While the IC’s research organization looks into adding security to cloud environments, in the here and now, intelligence agencies are sharing more data.
Sometime this spring, the General Services Administration expects to award its Enterprise Infrastructure Solutions contract, a $50 billion, 15-year telecommunications infrastructure vehicle. GSA and other agencies are getting ready, with the Justice Department seeking industry input on how it can best make the transition to EIS, and the Interior Department seeking information on how to augment EIS with more voice services.
In the meantime, GSA is trying to make the transition as smooth as possible. EIS is a massive undertaking that will provide mission-critical telecommunications infrastructure and will replace the government’s Networx, Washington Interagency Telecommunications (WITS) 3, and local telecommunications services contracts.
Agencies will take advantage of next-generation networking technology through EIS — including software-defined networking and 5G wireless networks — for the foreseeable future. The EIS is expected to extend until 2032, with technology continually updated and refreshed under the contract and time built in at the contract’s end for a transition to a new vehicle.
Agencies are expected to shift away from the Networx contract by the spring of 2020. Amando Gavino, director of GSA's Office of Network Services Programs, told FCW the EIS contract is designed to be a total solutions vehicle that embraces “the full array of enterprise infrastructure services and capabilities necessary for an agency to fulfill its overall telecom requirements.”
As FCW notes, the massive EIS contract covers 53 agency customers, more than 8,000 subagencies and around 16,000 customer accounts. The government spends about $2 billion per year in telecommunications services, and 8 million line items will need to be moved off old contracts to EIS. GSA wants to make the transition to EIS smoother than the one from FTS 2001 to Networx, which took six years and cost more than the government had anticipated.
FCW reports: “In the process, agencies had to adapt to an increasingly dramatic technological shift in the larger world as traditional wireline telephone services accelerated toward digitally oriented, smartphone-centric and app-driven technology. Some agencies were not prepared for the technological leap.”
GSA is hoping to have a smoother transition, which is already under way in many respects. “Transition is scheduled for three years, whereas Networx was done in six years,” Gavino said. “That’s double the business volume in half the time. Transition is a critical project, and we are constantly looking for ways to mitigate risks with the agencies.”
GSA has already unified its 11 regional network services programs and offices into a single national program, FCW notes, and in January, the agency issued a request for information on how to structure transition contracts for those 11 regions.
Agencies are trying to get ahead of the transition. The Justice Department said in a recent request for information that it “will leverage the EIS contract vehicle upon award for telecommunication services” but that it is seeking information on how best to make the transition for enterprise voice services.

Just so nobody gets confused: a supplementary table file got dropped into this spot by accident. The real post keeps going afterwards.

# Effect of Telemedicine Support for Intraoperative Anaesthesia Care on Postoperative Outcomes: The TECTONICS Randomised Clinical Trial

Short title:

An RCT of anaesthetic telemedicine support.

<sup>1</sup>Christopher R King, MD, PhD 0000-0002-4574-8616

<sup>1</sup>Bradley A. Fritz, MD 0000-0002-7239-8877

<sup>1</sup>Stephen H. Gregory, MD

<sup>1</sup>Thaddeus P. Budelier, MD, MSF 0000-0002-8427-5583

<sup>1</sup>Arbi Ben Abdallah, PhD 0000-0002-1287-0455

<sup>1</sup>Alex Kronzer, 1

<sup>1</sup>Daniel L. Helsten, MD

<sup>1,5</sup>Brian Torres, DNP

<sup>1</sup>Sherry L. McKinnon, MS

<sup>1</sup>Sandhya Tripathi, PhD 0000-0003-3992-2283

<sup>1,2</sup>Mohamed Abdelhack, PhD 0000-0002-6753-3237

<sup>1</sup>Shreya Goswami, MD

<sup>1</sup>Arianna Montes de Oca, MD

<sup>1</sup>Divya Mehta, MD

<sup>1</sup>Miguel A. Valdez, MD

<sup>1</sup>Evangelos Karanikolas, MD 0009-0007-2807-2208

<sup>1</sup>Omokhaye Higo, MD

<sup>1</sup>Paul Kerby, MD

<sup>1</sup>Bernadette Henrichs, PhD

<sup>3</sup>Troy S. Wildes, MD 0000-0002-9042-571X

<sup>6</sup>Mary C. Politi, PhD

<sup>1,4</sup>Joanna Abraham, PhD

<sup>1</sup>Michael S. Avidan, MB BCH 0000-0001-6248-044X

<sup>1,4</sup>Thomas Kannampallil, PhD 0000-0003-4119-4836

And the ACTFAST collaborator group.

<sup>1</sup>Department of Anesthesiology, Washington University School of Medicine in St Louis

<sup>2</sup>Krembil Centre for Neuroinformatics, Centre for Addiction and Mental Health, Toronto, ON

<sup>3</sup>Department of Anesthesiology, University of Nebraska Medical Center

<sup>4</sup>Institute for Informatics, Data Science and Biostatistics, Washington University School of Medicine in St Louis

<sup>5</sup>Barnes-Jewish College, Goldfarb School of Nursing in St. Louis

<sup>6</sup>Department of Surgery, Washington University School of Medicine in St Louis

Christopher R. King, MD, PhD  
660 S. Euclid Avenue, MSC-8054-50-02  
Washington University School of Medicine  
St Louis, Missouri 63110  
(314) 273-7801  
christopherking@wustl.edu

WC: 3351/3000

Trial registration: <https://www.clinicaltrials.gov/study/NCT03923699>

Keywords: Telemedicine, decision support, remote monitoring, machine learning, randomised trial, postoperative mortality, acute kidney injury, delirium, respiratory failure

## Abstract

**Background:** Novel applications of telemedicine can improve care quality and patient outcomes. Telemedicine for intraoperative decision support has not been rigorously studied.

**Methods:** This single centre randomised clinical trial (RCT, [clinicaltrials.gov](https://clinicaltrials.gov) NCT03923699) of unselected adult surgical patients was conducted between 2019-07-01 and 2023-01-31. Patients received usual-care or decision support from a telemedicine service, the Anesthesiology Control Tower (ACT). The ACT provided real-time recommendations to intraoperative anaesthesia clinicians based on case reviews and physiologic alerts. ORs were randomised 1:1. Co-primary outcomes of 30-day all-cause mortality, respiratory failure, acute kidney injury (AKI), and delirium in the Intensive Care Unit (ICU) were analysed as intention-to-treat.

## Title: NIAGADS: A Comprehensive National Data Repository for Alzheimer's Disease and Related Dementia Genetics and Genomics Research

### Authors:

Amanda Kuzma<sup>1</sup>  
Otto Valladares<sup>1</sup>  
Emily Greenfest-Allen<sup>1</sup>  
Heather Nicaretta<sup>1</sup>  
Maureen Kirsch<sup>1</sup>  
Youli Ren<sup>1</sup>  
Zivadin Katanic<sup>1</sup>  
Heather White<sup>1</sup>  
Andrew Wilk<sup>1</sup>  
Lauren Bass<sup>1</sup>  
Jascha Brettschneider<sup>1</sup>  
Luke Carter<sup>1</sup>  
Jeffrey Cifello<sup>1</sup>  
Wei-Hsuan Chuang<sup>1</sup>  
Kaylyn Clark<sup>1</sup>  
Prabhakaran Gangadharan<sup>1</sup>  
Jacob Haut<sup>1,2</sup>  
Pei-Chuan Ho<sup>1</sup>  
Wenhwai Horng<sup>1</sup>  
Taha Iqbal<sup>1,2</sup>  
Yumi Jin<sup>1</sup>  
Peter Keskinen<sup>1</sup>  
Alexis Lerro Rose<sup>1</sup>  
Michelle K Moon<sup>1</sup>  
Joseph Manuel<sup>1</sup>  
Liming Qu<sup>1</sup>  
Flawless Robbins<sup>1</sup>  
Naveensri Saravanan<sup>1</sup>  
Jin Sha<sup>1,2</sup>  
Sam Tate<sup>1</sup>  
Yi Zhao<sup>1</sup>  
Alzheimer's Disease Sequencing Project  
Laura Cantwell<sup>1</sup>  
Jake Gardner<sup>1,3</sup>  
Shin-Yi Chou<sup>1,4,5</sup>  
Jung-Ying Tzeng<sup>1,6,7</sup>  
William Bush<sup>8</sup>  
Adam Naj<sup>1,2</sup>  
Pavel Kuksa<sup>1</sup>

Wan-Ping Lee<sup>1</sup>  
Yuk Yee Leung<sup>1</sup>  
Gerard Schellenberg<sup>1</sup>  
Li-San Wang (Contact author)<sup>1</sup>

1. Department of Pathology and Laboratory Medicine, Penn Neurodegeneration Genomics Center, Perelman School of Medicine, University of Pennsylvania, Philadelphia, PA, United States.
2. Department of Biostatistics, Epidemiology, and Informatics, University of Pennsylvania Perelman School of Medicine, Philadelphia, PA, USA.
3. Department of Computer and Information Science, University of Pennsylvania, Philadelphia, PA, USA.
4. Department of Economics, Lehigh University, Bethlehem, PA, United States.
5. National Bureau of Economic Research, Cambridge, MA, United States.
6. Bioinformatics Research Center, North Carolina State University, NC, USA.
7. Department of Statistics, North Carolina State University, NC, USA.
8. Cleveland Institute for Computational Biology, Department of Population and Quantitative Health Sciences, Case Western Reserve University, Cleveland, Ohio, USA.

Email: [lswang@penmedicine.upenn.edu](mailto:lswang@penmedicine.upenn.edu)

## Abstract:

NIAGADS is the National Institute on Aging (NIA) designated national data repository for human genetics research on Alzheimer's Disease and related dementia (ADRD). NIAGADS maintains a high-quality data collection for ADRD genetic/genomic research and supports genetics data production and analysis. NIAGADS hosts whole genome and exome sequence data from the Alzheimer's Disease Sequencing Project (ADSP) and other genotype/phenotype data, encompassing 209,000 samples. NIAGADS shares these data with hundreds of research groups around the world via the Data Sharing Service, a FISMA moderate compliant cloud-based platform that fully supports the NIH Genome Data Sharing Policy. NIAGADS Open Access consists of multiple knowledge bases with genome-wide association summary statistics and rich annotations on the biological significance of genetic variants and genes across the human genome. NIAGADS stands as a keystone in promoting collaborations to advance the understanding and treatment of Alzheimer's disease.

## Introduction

DOJ said it “envisions maintaining current legacy services in the initial transition to EIS (like for like) leveraging existing equipment with a roadmap to an end state of a fully developed, modern infrastructure platform based upon” Voice over IP, IP telephony and unified communications technologies.
Those technologies will “provide greater degrees of flexibility and opportunities to reduce operating costs.” The Justice Department said that after the transition, it “envisions the integration of multiple methods of communication to allow users to connect, collaborate, and exchange information. This may include real-time and non-real-time, ‘one-to-one,’ ‘one-to-many,’ and ‘many-to-many’ bi-directional communications between internal and external entities.”
The Justice Department plans to use unified communications services potentially as an application hosted by the contractor that supports multiple users over an IP network, or as a premises-based, hosted, or some kind of hybrid solution. DOJ said the solution should support IP phones, mobile phones, web browsers, email clients, desktop clients, PCs and tablets. DOJ is seeking responses by March 9.
Meanwhile, in a “new sources sought” notice, similar to a request for information, the Interior Department indicated it is not sure if EIS will be able to support voice services for all of its remote offices.
“A primary concern to DOI is the fact that GSA EIS contract holders may not have the capability to provide coverage nationwide to every location where DOI has voice communication services,” Interior states, referencing its many remote locations. Many of the agency’s offices are small, FCW notes, and 80 percent of employees work in locations with fewer than 25 employees.
The agency uses 929 Core-Based Statistical Areas to define the coverage area units where it needs phone service. “GSA may award EIS contracts to vendors who provide services to only 25 of the top 100 CBSAs,” the department says.
DOI says it welcomes recommended solutions for the migration of existing time-division multiplexing services to other technologies, including IP trunking, which will support the wide range of agency applications that use this technology.
There are a number of applications currently in use by DOI, including supervisory control and data acquisition systems, monitoring sensors for tsunamis, earthquakes, streams, rivers and dams; older fax machines and modems; security gate codes and alarms; fire alarms; elevators; two-way radio systems; plain old telephone service (POTS) lines for desk phones; and others.
Questions on the RFI are due Feb. 9, and responses are due Feb. 27.